As he sat in the stands at Furman's Paladin Stadium on Oct. 23, watching the University of Tennessee at Chattanooga football team - his father's team - rally from 18 points down in the third quarter, Jacob Huesman knew he'd made his decision.
Before the Mocs' 36-28 win at Greenville, S.C., was complete, Jacob texted his mother, Amy, with the news: UTC was where he was going to play college ball.
In the family, Mocs coach Russ Huesman was the last to know.
"I had no idea that he was going to do that," Russ said of his oldest child committing to UTC in the locker room following the game.
The 6-foot-1, 190-pound Baylor quarterback, later named Tennessee's Mr. Football Division II back of the year, had told his mom that he was committing to UTC once before. She talked him out of it then, but not the second time.
After the Mocs blew a 21-point lead in the season opener against Appalachian State, losing 42-41, Jacob told Amy he was ready to commit.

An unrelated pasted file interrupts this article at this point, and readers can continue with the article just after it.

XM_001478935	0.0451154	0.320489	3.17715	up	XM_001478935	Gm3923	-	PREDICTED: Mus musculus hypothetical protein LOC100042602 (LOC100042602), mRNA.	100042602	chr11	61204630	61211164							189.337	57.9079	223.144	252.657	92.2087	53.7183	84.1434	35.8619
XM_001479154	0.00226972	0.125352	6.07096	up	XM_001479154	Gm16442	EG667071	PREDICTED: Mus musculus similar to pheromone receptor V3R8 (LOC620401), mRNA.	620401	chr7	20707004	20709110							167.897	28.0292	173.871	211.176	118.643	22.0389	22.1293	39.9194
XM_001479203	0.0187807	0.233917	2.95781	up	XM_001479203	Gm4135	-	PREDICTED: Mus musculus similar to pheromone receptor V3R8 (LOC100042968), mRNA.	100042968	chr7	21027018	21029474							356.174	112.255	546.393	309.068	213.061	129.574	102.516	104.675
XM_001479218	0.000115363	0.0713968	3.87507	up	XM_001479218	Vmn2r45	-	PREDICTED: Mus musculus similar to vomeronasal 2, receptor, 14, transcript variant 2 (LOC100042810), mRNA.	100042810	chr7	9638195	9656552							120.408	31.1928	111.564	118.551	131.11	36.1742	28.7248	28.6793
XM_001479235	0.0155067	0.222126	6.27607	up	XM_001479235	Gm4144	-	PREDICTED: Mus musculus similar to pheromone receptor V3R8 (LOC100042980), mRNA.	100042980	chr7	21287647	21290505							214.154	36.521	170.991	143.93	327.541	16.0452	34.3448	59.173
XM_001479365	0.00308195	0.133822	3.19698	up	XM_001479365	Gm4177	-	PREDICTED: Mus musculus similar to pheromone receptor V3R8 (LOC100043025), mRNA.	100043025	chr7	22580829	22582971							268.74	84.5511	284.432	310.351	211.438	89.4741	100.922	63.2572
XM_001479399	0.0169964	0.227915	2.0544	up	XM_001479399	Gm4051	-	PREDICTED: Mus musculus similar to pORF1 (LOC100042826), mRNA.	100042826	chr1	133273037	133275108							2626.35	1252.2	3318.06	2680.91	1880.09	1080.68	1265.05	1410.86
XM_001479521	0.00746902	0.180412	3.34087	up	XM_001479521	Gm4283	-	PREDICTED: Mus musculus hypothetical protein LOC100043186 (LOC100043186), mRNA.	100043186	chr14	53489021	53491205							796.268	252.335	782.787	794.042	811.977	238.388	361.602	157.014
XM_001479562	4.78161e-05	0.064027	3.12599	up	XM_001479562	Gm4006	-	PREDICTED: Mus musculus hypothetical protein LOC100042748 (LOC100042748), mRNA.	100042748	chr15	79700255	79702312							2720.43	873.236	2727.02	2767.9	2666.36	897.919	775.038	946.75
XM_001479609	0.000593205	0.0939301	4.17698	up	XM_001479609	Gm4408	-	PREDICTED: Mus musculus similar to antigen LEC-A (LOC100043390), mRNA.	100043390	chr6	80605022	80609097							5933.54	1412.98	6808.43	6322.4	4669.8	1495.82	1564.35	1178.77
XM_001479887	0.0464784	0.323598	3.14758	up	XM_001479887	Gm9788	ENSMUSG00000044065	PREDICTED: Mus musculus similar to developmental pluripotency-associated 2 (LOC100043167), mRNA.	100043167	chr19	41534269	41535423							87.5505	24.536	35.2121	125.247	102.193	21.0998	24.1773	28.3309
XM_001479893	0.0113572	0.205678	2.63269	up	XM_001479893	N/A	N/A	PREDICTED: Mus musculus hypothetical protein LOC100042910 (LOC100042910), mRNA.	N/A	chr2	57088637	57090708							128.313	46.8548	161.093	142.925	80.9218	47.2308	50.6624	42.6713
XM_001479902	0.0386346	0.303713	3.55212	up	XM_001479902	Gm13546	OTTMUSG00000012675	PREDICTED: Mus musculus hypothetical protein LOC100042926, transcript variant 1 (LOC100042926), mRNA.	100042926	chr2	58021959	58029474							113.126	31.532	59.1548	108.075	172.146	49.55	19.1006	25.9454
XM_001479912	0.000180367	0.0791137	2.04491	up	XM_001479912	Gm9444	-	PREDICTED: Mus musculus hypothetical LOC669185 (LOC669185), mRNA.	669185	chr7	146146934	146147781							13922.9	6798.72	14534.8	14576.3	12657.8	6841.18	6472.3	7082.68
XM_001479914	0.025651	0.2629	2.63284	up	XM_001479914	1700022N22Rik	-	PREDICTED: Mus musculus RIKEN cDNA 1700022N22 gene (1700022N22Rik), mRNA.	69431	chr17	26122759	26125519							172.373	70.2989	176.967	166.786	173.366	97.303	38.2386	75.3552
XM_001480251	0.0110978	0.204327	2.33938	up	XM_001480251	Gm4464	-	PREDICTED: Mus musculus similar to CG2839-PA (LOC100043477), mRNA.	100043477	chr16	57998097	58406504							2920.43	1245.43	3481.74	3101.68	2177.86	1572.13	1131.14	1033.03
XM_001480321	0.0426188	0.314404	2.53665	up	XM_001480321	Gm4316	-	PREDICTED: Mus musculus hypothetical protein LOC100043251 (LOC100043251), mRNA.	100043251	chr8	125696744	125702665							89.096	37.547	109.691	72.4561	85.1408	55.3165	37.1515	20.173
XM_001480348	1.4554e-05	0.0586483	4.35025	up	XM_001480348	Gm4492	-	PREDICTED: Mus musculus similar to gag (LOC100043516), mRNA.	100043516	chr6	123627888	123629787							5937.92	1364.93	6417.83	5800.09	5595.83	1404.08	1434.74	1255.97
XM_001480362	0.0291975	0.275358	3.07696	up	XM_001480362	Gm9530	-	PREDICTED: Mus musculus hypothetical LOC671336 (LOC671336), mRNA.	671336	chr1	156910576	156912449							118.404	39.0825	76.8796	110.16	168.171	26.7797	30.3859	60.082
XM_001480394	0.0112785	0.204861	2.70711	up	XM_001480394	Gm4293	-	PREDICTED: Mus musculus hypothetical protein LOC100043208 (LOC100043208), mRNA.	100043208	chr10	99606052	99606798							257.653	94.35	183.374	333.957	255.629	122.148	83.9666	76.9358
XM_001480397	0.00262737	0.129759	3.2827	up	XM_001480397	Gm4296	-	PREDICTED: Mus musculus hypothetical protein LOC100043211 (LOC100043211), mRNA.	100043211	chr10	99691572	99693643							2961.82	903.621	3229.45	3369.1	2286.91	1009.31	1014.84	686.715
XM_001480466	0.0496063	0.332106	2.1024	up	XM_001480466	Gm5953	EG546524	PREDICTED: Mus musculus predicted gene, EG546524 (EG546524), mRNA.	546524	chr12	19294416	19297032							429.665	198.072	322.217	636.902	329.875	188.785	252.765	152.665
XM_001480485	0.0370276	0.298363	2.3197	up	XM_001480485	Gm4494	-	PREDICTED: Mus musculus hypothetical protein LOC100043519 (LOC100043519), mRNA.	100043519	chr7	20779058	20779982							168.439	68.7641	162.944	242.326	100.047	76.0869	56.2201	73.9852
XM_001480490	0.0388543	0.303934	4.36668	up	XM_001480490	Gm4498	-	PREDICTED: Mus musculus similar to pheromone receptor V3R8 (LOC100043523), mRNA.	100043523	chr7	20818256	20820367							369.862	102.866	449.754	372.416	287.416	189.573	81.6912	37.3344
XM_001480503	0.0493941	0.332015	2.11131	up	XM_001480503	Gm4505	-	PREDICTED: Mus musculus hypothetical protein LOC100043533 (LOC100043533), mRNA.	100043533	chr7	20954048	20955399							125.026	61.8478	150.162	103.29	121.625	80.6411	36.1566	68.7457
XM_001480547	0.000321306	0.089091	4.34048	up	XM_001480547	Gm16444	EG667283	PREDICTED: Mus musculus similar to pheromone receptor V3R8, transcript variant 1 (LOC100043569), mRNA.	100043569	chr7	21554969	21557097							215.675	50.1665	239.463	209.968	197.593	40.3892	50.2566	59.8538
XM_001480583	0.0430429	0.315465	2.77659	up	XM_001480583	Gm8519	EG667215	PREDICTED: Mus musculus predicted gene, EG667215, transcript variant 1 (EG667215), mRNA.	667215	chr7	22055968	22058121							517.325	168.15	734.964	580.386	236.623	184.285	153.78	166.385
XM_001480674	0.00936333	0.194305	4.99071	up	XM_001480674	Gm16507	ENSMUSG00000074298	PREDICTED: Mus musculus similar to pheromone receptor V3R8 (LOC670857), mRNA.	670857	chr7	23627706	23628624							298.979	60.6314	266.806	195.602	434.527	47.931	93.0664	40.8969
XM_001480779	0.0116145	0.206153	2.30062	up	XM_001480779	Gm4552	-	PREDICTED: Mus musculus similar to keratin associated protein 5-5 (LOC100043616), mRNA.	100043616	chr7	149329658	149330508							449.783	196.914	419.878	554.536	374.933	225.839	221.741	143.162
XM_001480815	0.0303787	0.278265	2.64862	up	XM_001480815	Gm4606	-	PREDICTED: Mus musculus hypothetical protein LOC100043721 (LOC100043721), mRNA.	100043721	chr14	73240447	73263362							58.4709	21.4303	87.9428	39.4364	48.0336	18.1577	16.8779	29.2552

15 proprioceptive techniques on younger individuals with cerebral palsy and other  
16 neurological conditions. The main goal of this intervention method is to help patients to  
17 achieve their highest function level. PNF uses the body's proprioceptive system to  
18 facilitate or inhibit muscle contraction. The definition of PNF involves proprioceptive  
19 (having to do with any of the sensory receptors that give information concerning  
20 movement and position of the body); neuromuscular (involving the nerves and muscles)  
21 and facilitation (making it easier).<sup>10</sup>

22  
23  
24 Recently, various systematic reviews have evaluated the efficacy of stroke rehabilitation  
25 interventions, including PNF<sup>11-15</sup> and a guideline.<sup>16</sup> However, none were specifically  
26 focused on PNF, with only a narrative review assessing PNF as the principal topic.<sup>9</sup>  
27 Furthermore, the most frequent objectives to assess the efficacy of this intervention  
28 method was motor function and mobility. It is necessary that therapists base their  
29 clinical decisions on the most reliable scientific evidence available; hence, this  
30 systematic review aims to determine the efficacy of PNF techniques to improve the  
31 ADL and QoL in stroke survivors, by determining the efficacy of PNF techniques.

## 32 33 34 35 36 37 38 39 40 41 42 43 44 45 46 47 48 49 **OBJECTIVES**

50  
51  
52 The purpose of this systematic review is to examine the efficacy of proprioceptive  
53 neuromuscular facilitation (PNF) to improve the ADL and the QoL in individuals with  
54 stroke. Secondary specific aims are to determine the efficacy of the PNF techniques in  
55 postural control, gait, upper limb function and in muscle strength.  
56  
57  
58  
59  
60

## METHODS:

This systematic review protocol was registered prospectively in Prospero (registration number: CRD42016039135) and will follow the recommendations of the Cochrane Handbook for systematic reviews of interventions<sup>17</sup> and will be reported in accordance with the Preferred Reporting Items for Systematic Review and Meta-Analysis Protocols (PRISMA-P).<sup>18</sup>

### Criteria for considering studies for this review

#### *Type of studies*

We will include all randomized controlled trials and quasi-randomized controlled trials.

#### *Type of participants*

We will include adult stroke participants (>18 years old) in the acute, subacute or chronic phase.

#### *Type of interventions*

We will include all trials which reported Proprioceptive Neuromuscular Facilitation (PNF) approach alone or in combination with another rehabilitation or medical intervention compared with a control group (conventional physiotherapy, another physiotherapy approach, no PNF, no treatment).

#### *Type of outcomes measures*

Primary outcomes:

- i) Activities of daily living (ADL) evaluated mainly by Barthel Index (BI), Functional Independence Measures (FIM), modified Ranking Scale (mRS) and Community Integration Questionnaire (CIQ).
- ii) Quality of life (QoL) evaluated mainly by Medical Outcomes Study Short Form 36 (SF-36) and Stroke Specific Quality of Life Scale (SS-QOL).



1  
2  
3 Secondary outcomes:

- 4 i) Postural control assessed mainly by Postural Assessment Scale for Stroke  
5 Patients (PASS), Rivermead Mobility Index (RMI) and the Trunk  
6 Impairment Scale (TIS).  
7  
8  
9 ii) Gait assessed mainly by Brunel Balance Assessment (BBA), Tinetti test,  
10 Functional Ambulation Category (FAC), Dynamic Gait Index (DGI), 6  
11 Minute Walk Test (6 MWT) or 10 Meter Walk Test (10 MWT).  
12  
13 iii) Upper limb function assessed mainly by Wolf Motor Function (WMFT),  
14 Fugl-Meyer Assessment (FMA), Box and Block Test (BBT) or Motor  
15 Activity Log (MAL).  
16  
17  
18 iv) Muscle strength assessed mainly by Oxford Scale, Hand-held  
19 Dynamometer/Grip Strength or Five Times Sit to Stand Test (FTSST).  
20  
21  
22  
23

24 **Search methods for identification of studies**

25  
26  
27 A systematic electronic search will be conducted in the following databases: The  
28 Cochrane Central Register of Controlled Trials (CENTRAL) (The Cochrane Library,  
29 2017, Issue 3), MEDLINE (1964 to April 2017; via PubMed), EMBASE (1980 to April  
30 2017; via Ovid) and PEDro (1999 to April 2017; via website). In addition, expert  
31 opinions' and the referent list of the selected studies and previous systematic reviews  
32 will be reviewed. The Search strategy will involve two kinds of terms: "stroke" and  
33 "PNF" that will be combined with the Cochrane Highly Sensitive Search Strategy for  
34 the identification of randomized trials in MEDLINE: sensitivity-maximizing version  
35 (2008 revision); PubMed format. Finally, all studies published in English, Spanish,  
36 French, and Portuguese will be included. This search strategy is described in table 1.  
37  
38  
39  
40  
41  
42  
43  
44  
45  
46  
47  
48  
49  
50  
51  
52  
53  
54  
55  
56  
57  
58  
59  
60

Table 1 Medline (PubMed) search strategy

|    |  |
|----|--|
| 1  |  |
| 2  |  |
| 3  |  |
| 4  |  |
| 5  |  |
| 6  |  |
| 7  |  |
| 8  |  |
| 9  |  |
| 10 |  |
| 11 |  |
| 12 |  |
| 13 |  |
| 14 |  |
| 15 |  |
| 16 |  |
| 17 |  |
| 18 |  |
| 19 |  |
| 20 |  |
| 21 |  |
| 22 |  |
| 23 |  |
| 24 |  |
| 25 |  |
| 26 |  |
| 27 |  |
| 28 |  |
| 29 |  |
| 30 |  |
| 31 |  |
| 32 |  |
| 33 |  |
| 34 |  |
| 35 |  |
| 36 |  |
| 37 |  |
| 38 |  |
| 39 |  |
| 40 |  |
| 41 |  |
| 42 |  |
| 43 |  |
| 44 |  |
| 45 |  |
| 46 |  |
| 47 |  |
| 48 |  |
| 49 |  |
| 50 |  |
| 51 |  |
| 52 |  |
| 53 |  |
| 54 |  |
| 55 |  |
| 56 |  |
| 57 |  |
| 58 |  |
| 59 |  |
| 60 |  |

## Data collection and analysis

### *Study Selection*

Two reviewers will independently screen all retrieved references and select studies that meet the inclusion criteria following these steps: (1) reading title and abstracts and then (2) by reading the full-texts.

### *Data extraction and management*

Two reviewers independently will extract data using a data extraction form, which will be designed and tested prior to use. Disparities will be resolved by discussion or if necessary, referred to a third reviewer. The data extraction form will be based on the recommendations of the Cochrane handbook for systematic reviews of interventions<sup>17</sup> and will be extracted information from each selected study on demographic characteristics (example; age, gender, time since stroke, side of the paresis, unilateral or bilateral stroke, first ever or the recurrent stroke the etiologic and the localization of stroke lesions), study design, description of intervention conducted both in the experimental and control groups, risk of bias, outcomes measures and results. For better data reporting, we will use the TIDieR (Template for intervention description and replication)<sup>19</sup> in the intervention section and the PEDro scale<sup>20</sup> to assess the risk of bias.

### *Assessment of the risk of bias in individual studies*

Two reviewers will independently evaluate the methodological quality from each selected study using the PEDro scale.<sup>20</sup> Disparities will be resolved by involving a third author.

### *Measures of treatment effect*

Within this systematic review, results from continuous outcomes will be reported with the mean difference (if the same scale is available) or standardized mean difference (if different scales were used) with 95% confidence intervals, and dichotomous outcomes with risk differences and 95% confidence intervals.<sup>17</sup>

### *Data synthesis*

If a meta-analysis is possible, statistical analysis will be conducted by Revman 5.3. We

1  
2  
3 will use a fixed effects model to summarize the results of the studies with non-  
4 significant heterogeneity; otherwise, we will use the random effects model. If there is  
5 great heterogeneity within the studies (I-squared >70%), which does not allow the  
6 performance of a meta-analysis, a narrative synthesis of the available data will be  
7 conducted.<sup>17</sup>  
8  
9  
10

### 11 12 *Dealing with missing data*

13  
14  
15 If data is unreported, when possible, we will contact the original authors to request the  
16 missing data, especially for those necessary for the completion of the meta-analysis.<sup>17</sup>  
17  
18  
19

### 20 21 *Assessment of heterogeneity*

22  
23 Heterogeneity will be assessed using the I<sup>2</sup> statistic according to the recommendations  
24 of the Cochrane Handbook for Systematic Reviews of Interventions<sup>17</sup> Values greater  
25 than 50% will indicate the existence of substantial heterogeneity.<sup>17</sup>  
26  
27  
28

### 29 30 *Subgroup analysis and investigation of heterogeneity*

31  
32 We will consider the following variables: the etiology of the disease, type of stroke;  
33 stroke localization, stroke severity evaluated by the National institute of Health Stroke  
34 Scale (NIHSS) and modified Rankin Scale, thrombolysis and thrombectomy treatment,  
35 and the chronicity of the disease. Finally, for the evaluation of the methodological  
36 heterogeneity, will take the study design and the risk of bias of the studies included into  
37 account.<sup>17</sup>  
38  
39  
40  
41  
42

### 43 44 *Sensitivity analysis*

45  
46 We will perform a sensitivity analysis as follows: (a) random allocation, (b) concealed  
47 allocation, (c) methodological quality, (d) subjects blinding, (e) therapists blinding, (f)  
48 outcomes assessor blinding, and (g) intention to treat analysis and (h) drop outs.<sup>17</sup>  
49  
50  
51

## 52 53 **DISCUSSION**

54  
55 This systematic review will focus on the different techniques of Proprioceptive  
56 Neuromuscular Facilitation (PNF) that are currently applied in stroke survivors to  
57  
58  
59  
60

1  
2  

"I asked him why and he said he wanted to be a part of the team that beats Appy State because he was so mad," Amy said. "I just told him, 'Don't make an emotional decision. You've got all season. Take your time.' And I told him, 'I don't want you to react to one game. I want you to really want it.'"
Jacob was sure seven weeks later, and he signed his letter of intent last Wednesday. He said he never felt much pressure from his father to sign with UTC.
"He talked to me a little bit more about UTC football, but it was mostly the assistant coaches that were on me," Jacob said. "I think he kind of let them do their jobs, but it wasn't a whole lot different at home."